US President Donald Trump meets with North Korean leader Kim Jong Un in Singapore on June 12, 2018. Photo: AFP/Saul Loeb
US President Donald Trump meets with North Korean leader Kim Jong Un in Singapore on June 12, 2018. Photo: AFP/Saul Loeb

“What if Trump is cynical enough to be on the verge of accepting a fake denuclearization to help Republicans in the midterms, make a renewed push for the Nobel Peace Prize, and ensure Trump 2020?”

An American friend working in the financial services industry in Tokyo asked me that question in an email under the heading, “Just had a chilling thought,” which he sent late last week as Secretary of State Mike Pompeo was heading for Pyongyang for the fourth time.

My thoughts in response could be summarized in two words: “’Fraid so.” And what we have heard, up to the time of writing, about the results of the latest Pompeo visit gives me no concrete reason to hope for a better outcome.

While this year’s Nobel has just been awarded to someone else, the competition for 2019 remains wide open. The scheme my friend imagines is along the lines of what I have long suspected Trump of being up to – abetted by Kim Jong Un and his henchmen, and by the South Korean administration of President Moon Jae-in.

But to be fair in presenting a highly pessimistic analysis of where the Trump-Kim-Moon talks are most likely headed, I’ll give due attention to the optimists’ case.

Optimists need, first and foremost, to see a probability that the Kim family regime has changed its stripes drastically.

That regime is a top-down system of one-man rule enabled by a largely hereditary class of elite loyalists in the military, security services and other government and party units. If the single truly important man has decided on a drastic change, why would he have done that?

Some – notably the never self-effacing Trump himself – would argue that the American president’s policy of “maximum pressure” forced Kim’s hand.

Severe sanctions, if left in place longer, eventually might have come close to overwhelming the regime – but I don’t believe that had happened by the time Kim started making nice. The intensified sanctions were just starting to pinch. In a country that had survived far worse, Kim need not have felt he was at the point of desperation.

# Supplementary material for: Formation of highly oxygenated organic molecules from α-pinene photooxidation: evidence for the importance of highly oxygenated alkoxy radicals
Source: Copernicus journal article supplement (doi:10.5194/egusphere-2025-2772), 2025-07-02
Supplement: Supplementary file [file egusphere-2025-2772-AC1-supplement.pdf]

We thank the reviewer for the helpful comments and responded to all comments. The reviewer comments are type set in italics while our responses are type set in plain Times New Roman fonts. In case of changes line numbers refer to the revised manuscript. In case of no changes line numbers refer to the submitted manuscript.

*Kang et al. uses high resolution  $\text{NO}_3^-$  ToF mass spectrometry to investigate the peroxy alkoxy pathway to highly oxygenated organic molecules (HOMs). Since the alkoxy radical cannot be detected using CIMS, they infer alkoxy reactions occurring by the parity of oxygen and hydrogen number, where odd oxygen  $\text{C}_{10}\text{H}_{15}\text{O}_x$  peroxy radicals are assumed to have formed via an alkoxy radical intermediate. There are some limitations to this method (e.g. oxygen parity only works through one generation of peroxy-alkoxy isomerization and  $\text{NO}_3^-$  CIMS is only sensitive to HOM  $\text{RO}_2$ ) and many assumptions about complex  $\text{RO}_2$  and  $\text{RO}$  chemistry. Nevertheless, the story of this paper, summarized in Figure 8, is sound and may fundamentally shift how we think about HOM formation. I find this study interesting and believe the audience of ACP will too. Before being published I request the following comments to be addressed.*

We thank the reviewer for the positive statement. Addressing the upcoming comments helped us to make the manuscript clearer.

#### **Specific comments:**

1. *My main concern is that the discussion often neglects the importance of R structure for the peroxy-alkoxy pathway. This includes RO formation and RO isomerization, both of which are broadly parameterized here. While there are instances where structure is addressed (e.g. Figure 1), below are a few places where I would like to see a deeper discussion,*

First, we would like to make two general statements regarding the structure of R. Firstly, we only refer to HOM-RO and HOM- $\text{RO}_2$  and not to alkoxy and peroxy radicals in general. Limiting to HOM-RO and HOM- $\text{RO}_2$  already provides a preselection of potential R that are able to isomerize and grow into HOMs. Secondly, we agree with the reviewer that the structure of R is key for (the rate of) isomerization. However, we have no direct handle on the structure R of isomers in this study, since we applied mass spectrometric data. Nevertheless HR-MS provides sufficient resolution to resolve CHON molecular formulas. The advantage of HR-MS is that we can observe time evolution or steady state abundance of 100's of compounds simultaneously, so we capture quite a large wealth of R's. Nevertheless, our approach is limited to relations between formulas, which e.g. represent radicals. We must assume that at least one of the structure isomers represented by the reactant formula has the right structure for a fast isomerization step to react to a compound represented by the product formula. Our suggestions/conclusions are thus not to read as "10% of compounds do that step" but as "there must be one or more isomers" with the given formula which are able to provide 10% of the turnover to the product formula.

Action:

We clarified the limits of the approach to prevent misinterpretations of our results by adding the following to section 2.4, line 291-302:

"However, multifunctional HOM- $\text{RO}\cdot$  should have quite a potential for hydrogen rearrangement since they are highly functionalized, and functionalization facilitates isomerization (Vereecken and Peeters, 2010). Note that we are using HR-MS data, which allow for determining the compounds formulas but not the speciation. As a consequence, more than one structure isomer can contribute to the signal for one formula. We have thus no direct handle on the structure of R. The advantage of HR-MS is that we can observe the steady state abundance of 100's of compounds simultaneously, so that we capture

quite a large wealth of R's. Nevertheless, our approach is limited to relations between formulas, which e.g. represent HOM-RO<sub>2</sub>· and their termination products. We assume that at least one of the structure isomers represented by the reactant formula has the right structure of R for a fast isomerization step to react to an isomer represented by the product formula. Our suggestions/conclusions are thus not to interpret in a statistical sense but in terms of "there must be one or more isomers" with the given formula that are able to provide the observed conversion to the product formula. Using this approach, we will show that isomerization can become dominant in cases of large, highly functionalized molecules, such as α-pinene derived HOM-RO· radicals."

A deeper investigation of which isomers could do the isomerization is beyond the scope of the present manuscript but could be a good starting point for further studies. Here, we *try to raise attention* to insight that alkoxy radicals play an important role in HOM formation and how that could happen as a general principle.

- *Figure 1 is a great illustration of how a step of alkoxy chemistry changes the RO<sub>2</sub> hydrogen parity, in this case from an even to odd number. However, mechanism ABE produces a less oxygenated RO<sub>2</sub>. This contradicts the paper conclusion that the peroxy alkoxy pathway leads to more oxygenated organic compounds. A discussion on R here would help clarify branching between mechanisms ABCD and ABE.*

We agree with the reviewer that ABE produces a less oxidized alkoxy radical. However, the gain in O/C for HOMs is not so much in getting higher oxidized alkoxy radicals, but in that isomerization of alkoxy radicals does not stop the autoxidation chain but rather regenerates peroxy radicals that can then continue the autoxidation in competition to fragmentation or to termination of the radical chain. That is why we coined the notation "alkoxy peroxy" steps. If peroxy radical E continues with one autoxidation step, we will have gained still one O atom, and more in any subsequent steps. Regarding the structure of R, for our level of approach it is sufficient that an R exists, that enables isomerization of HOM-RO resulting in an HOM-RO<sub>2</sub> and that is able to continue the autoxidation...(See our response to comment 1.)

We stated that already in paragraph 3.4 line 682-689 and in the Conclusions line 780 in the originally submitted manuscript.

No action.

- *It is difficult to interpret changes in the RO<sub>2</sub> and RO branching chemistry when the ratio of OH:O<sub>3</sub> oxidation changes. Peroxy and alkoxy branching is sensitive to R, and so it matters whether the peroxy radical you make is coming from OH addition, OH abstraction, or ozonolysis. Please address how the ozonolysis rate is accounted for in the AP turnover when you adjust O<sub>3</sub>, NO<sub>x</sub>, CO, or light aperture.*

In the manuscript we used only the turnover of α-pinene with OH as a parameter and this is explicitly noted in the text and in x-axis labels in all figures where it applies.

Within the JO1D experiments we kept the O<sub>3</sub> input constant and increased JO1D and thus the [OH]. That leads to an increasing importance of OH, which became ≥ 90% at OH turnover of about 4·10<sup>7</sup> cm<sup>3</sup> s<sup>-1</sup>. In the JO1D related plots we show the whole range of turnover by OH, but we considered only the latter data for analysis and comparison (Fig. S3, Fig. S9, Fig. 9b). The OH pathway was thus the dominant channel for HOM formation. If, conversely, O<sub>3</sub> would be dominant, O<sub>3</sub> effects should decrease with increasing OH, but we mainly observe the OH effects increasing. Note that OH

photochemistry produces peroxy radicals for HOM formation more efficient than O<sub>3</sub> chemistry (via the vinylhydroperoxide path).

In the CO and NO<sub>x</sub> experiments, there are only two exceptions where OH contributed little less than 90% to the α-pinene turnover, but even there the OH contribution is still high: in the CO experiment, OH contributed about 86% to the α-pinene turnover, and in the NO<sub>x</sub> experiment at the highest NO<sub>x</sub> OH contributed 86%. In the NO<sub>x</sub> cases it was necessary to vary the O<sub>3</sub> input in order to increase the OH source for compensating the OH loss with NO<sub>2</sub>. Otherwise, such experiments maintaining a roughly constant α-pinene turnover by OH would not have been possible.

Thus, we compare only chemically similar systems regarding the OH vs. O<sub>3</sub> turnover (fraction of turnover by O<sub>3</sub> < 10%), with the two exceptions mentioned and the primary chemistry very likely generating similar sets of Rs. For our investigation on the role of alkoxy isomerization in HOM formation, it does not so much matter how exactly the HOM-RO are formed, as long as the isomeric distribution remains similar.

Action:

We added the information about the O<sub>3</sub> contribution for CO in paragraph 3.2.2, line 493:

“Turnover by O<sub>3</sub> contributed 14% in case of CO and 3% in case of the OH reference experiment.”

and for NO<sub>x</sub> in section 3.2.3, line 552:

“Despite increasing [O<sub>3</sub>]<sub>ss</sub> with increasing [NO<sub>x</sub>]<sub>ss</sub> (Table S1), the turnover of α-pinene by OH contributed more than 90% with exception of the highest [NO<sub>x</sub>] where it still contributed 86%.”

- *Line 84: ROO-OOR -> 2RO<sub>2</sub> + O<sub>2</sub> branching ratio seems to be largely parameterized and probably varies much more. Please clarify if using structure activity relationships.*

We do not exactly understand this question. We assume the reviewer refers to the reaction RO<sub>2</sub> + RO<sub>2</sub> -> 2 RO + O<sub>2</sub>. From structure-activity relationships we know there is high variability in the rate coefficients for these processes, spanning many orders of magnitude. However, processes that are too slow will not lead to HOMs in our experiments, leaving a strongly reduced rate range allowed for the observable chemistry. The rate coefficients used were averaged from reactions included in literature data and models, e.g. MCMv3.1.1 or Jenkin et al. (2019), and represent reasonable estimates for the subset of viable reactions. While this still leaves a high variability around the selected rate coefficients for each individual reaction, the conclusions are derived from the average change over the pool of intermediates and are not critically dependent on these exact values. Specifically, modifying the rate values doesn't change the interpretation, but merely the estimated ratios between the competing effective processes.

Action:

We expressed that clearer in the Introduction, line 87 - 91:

Now, of course, defections by China, Russia and others in response to the “peace and denuclearization” initiative have effectively removed the adjective “maximum” from the pressure that Washington applies.

What might appear to be a stronger argument is that the resilience of China’s single-party rule convinced Kim he could keep political control even while encouraging the development of a market economy.

His father and grandfather had feared the rise of a middle class that might get in touch with the outside world and see the Kim regime’s cruelty and incompetence clearly. To prevent that they maintained a regimented economy, closed to the outside. The argument now is that China’s current president, Xi Jinping, set an example that persuaded young Kim to switch.

Nice try but no cigar. Deng Xiaoping started transforming China four decades ago, and ever since then outside analysts have been saying that the Kims could not avoid seeing the advantages that would flow from following Deng’s lead. The analysts said that especially at times of generational change in the North – after the first Kim died, in 1994; and then the second, in 2011.

But Kim Jong Il exercised sole power for 17 years and didn’t reform or open his economy. Kim Jong Un has been in power for seven years and his supposed gestures toward reform are modest indeed. They probably could be counted on the fingers of one hand.

Die-hard engagers suggest that Kim Jong Un privately wanted to reform and open but had to wait until he possessed a nuclear deterrent so he’d be secure from American attack. What I think is that if he’d stopped threatening other countries and gone to work transforming his own we all would have applauded, not attacked. (But the very claim that he needs a nuclear deterrent before he can reform and open is an indication that he doesn’t intend to give up his nukes.)